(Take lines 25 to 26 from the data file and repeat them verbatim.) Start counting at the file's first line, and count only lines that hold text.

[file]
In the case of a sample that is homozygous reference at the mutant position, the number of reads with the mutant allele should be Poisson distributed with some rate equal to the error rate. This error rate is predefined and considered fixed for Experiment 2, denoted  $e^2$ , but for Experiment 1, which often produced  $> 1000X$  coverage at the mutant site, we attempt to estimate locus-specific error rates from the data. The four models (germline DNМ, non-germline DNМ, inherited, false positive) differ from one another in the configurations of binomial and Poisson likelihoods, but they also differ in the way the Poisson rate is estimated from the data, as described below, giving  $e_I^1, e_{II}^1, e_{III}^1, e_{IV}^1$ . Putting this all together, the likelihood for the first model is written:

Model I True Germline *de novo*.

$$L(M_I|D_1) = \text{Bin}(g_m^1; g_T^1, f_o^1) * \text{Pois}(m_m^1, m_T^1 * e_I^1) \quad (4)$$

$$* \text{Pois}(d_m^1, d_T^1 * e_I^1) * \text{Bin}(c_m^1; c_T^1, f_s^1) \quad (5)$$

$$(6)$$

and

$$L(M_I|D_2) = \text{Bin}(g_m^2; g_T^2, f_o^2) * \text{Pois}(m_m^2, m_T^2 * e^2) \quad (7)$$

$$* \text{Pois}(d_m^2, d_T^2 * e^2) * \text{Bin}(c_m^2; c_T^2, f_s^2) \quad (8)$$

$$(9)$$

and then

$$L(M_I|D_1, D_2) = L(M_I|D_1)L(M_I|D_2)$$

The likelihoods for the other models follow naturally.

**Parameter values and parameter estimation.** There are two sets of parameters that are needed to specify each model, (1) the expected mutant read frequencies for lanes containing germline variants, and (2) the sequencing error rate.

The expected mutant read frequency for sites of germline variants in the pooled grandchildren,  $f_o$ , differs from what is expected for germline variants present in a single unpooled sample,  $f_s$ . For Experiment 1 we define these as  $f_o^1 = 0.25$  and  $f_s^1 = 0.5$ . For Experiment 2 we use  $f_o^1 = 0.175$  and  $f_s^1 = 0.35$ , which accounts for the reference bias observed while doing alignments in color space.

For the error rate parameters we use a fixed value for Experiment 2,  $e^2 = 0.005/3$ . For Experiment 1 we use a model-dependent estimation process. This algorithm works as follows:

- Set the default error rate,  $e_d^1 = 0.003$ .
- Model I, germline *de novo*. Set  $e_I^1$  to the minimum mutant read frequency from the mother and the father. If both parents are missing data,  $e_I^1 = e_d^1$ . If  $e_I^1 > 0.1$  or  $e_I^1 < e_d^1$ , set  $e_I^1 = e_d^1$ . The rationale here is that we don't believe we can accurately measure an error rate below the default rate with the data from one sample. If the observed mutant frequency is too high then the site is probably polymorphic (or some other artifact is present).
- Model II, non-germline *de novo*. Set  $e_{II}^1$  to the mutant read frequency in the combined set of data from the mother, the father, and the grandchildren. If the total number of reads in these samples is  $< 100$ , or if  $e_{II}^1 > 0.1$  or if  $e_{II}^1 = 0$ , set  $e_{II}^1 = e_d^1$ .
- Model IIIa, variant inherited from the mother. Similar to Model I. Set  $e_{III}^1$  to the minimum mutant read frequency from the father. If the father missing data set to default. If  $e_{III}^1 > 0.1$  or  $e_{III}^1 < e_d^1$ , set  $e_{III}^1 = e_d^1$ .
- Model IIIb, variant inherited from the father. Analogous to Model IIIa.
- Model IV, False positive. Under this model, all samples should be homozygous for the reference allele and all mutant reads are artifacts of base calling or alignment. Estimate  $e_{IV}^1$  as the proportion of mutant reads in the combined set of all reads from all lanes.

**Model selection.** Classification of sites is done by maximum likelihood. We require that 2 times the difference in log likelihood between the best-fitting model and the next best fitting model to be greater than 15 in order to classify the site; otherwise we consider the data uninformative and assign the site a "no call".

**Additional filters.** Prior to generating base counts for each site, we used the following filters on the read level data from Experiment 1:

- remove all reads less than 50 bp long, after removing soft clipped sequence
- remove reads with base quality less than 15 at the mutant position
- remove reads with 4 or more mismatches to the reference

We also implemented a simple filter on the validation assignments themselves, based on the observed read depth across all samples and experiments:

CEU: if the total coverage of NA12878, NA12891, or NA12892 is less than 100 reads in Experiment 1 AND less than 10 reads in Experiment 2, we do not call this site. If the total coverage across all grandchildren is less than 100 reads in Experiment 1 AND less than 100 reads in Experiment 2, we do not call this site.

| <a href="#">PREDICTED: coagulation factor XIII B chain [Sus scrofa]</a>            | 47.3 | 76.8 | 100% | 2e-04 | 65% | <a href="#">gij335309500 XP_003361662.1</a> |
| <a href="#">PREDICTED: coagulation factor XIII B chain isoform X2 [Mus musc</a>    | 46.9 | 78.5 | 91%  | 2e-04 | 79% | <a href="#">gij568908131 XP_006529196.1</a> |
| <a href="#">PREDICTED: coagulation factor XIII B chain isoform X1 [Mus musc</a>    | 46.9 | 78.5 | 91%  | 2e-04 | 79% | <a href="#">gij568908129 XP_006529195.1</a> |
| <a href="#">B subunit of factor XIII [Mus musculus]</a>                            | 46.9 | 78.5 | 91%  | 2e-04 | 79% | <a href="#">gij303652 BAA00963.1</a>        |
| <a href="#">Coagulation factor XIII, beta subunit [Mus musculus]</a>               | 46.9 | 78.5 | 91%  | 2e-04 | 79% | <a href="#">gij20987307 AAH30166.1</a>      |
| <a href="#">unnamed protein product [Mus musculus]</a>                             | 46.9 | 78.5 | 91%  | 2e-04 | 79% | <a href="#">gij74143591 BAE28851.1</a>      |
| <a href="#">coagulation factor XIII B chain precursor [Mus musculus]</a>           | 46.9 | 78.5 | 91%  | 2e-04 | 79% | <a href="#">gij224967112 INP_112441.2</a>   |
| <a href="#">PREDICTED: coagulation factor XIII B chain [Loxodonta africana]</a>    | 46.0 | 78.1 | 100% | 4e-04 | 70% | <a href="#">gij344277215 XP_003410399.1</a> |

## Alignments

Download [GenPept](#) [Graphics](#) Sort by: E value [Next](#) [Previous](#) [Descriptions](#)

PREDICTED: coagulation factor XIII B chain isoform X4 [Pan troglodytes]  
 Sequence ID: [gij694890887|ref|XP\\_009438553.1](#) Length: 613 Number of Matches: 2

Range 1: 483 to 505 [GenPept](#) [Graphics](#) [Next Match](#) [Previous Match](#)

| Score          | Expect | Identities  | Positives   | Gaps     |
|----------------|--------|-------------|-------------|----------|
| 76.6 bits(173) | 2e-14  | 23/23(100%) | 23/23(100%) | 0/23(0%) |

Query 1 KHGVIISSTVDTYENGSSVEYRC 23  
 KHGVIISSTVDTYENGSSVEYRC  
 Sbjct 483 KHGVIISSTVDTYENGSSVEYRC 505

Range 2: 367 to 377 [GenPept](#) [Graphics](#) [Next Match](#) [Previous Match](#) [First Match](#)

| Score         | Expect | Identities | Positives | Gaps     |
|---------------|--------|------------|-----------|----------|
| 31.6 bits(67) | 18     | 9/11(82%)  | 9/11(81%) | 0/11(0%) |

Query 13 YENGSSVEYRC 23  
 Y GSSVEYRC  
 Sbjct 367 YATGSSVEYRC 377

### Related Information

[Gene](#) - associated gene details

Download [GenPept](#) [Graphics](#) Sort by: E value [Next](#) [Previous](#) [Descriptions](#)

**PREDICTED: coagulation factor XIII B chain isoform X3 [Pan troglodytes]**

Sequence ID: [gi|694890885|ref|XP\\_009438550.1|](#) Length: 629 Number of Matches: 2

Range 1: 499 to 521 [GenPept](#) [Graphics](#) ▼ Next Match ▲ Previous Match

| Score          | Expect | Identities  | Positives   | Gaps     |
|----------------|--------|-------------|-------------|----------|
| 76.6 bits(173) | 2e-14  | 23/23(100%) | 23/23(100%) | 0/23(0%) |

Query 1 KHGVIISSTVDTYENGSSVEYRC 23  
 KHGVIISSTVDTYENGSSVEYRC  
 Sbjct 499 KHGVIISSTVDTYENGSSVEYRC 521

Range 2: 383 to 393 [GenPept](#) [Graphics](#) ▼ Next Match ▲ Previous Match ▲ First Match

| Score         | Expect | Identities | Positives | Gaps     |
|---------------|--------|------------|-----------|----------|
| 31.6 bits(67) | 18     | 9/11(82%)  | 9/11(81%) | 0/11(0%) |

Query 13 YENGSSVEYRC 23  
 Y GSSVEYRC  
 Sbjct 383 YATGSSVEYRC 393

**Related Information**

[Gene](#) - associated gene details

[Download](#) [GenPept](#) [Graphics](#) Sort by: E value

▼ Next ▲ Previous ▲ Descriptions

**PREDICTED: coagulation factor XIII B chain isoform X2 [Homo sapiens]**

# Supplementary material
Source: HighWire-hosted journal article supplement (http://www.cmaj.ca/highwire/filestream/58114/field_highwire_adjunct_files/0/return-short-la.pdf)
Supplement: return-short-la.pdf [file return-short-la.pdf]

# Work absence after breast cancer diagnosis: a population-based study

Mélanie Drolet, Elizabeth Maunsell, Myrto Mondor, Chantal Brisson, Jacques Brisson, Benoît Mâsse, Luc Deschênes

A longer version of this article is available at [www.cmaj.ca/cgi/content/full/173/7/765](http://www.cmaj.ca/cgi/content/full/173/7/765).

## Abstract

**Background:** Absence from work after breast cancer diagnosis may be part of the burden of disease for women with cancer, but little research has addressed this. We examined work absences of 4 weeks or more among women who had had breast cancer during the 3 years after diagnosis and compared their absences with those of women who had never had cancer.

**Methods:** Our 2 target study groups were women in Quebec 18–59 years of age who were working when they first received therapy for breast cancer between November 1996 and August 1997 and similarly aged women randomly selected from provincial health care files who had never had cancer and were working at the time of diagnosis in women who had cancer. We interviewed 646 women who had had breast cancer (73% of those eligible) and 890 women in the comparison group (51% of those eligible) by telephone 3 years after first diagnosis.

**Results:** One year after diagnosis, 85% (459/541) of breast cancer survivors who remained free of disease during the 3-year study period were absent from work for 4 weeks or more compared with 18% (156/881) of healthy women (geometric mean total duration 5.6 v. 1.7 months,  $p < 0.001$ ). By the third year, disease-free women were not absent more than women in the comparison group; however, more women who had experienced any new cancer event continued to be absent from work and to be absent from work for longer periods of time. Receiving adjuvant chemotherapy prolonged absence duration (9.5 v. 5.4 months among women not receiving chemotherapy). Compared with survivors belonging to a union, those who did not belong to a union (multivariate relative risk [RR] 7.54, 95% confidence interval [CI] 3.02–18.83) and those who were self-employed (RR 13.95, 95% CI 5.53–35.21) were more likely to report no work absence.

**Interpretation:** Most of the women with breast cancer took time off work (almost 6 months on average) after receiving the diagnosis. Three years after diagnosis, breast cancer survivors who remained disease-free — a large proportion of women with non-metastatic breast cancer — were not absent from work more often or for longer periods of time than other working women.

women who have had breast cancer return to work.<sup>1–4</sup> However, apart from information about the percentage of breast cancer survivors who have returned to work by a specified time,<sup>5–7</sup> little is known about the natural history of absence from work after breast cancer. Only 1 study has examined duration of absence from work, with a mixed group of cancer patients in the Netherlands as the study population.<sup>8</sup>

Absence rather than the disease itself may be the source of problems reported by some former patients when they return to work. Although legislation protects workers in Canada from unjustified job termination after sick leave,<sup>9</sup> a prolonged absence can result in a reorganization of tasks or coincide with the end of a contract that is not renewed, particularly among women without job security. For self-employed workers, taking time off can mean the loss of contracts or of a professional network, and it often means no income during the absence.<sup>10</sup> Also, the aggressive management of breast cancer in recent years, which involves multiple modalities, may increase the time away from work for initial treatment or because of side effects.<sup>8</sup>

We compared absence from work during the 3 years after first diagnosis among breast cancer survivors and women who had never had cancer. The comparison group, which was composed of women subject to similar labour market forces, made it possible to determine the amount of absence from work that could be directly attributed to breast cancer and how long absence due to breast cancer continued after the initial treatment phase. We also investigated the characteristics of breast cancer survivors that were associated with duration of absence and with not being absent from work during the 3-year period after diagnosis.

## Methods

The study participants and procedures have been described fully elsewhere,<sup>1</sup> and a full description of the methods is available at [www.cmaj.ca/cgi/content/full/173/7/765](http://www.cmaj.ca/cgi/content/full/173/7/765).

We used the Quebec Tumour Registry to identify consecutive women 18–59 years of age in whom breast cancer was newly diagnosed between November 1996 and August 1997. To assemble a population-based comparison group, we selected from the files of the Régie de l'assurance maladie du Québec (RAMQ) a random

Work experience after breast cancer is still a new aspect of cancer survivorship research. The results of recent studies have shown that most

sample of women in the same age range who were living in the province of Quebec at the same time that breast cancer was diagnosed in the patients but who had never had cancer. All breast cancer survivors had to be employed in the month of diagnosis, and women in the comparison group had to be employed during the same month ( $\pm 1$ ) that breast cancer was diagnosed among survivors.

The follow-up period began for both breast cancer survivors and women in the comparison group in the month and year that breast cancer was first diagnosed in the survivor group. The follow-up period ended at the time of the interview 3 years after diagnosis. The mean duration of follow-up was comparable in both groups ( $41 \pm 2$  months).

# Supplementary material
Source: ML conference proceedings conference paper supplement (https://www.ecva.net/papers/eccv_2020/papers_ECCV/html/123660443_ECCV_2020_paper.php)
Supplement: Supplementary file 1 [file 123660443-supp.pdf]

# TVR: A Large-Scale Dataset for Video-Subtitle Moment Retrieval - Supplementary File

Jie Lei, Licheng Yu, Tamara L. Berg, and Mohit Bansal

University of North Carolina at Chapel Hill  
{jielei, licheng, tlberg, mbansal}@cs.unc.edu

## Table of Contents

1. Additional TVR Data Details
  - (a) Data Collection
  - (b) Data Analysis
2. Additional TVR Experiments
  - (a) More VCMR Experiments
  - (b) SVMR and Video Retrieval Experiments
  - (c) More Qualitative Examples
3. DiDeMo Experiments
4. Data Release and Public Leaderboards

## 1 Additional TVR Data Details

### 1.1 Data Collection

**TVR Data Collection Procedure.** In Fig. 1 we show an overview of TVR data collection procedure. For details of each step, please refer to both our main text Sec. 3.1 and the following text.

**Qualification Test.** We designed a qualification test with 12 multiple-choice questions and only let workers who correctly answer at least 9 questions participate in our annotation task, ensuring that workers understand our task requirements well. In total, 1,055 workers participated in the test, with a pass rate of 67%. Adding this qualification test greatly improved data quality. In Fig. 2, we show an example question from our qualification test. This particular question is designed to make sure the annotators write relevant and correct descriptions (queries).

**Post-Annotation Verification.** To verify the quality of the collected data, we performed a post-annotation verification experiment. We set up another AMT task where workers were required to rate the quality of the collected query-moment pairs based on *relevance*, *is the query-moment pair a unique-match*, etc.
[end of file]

- remove reads with base quality less than 15 at the mutant position
- remove reads with 4 or more mismatches to the reference